Casey Grove: The students are all graduate students, but they’re from all different parts of the state. I wonder, could you tell me about two or three of them?
Courtney Carothers: Yeah, most of the fellows in our cohort are first-year graduate students this year, like you said, from all over the state.
Tazia Wagner, is Ts’msyen, Lingít, Haida and Athabascan student based in Metlakatla. And so she just graduated with her BA in fisheries from UAF in the spring. She works at the Department of Fish and Wildlife for the Metlakatla Indian Community and they run the largest tribal fishery in the nation. And seeing her work evolve, you know, she’s really wanting to get trained in Western fishery science, but also recognizing such a depth of knowledge from her elders and her family and community in Metlakatla and the way they are able to manage their tribal fishery and trying to really study some of the the ways in which the Western management at the state level and the federal level has negatively impacted Alaska Native communities. So the limited-entry program is one topic that she’ll be exploring and how that program which, again, has Western assumptions built into it, that fishing is individual, that the right to it should be commodified, that you should purchase a permit to have access — these are values that don’t align well in Alaska Native communities. And so she’s studying the impact of that program on her community and the fishermen from her village and throughout Southeast Alaska.
And then we have a few students who are further along in their studies. Elizabeth Mik’aq Lindley is a Yup’ik student who was born and raised along the Kuskokwim River in Bethel. She’s starting her second year of her master’s in fisheries. And, you know, hearing her speak about her deep cultural ties to salmon and Yup’ik ways of knowing and being really brought her to be studying salmon and fisheries and having these reflections, you know, that Western fishery science in her undergraduate degree didn’t necessarily have much recognition for Yup’ik ways of understanding, Indigenous ways of understanding fishery systems. And so in her master’s work, she’s studying salmon in the Arctic and trying to bridge some of the Western, more recent observations of salmon and environmental change with longer-term, Indigenous understandings of salmon and other species and long-term environmental shifts in the Arctic.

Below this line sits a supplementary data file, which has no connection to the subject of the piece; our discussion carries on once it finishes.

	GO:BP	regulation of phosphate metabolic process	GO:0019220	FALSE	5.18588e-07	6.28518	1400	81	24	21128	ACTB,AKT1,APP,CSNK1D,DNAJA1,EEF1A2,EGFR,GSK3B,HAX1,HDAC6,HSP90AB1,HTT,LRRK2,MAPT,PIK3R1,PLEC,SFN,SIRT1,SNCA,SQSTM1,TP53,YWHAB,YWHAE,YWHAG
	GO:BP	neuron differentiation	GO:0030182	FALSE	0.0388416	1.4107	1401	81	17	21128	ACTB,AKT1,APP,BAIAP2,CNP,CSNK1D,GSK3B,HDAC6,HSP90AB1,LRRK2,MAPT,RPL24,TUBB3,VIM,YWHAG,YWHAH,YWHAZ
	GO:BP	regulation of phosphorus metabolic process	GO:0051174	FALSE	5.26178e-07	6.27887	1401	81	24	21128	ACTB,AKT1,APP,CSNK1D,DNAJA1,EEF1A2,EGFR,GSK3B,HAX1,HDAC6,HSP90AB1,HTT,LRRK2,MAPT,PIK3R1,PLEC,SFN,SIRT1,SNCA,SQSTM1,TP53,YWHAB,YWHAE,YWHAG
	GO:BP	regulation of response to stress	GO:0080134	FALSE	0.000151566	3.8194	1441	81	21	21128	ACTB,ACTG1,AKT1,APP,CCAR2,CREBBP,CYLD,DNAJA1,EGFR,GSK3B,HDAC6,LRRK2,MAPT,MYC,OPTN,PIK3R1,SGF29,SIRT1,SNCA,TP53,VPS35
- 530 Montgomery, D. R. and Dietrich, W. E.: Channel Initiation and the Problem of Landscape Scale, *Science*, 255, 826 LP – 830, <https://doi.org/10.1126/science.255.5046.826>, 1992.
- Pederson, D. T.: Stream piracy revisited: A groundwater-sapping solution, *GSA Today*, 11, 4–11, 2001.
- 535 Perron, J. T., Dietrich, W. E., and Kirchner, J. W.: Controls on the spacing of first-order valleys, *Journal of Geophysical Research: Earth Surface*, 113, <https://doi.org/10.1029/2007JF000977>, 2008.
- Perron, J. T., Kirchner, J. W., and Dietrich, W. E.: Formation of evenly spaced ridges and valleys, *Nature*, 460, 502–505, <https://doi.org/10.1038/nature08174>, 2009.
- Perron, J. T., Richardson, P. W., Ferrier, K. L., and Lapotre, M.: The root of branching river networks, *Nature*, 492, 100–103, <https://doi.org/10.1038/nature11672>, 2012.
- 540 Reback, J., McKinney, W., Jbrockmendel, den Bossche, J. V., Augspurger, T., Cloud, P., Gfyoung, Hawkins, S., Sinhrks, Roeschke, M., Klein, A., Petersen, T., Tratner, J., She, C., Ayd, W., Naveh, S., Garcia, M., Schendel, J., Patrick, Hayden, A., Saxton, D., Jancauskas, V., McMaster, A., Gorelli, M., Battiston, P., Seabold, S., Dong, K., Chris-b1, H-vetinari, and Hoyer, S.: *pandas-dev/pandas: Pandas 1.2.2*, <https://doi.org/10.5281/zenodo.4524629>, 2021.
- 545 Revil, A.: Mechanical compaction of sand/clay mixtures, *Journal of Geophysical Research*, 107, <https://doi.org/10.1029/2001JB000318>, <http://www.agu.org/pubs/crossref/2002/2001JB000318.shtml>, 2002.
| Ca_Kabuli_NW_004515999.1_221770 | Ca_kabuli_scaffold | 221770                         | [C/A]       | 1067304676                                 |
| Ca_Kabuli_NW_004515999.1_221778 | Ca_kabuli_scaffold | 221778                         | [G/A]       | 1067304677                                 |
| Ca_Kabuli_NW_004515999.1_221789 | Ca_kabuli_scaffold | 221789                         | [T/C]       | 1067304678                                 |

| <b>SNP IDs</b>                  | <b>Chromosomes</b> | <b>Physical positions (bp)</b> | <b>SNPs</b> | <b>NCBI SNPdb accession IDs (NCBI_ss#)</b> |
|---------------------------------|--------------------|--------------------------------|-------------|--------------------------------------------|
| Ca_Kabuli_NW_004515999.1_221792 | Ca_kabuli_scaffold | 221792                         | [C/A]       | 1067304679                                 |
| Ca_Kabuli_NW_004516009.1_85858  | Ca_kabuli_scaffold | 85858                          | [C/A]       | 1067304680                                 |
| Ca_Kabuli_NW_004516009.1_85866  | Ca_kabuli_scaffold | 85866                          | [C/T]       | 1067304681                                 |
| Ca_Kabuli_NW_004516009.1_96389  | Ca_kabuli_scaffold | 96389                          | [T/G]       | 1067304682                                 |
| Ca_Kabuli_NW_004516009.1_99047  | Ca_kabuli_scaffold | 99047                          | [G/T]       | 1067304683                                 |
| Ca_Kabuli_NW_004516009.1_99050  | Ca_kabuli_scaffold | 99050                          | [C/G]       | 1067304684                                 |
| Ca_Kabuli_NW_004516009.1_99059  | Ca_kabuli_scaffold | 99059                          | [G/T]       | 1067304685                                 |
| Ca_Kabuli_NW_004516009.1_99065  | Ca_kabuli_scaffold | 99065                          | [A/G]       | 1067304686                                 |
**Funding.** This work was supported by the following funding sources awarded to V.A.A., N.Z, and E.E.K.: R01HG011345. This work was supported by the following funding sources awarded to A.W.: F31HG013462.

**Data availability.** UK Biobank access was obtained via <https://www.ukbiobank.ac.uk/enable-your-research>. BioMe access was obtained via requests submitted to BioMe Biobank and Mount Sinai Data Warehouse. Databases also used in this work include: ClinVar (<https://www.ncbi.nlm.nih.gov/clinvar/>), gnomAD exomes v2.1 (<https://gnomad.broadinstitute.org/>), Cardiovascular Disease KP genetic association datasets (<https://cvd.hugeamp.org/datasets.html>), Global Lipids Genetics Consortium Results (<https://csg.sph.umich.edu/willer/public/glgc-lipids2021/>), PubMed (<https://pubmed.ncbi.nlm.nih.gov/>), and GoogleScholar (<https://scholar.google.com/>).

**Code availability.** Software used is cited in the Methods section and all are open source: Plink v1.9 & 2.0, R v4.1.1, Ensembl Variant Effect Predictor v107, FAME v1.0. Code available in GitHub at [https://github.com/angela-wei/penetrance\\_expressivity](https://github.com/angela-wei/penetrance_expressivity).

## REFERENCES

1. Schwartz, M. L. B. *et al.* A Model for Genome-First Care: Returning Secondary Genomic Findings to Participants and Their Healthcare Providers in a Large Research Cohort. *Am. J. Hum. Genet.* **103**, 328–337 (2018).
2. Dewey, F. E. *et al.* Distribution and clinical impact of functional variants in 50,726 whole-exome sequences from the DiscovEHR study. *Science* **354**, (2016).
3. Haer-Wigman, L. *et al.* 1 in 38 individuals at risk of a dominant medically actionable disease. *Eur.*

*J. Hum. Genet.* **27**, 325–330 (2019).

So, that’s just a couple. There’s nine fellows, all with amazing biographies on our website. I really hope folks check out the fellows page. They’re just already doing amazing work. And I’m sure they’ll be doing much more as they progress through their careers and education.
Casey Grove: Does it feel like this is a very long-term project, that you’re sort of slowly trying to turn the ship in a way?
Courtney Carothers: I think that is a good analogy. And that’s been our sense that this is kind of long-term work. But I will say, having this first cohort start, nine Indigenous students pursuing their master’s and PhDs in fisheries, marine sciences, Indigenous studies feels like a big shift. And it’s shocking in 2021 that that’s the case in Alaska. But it is. And to have this powerful cohort of Indigenous students, again, already doing amazing work, they’re leaders in their communities, they’re leaders in our classes, and looking forward to having their credentials and degrees and to really be doing this kind of work in a different way, in an Indigenous way, it’s really transformative. And it brings a lot of hope, and deep love and hope for the future for those of us that have been trying to work on some of these issues for a long time. And many of us before. You know, this work is also standing on the shoulders of many others who’ve been trying to promote similar changes for decades and longer.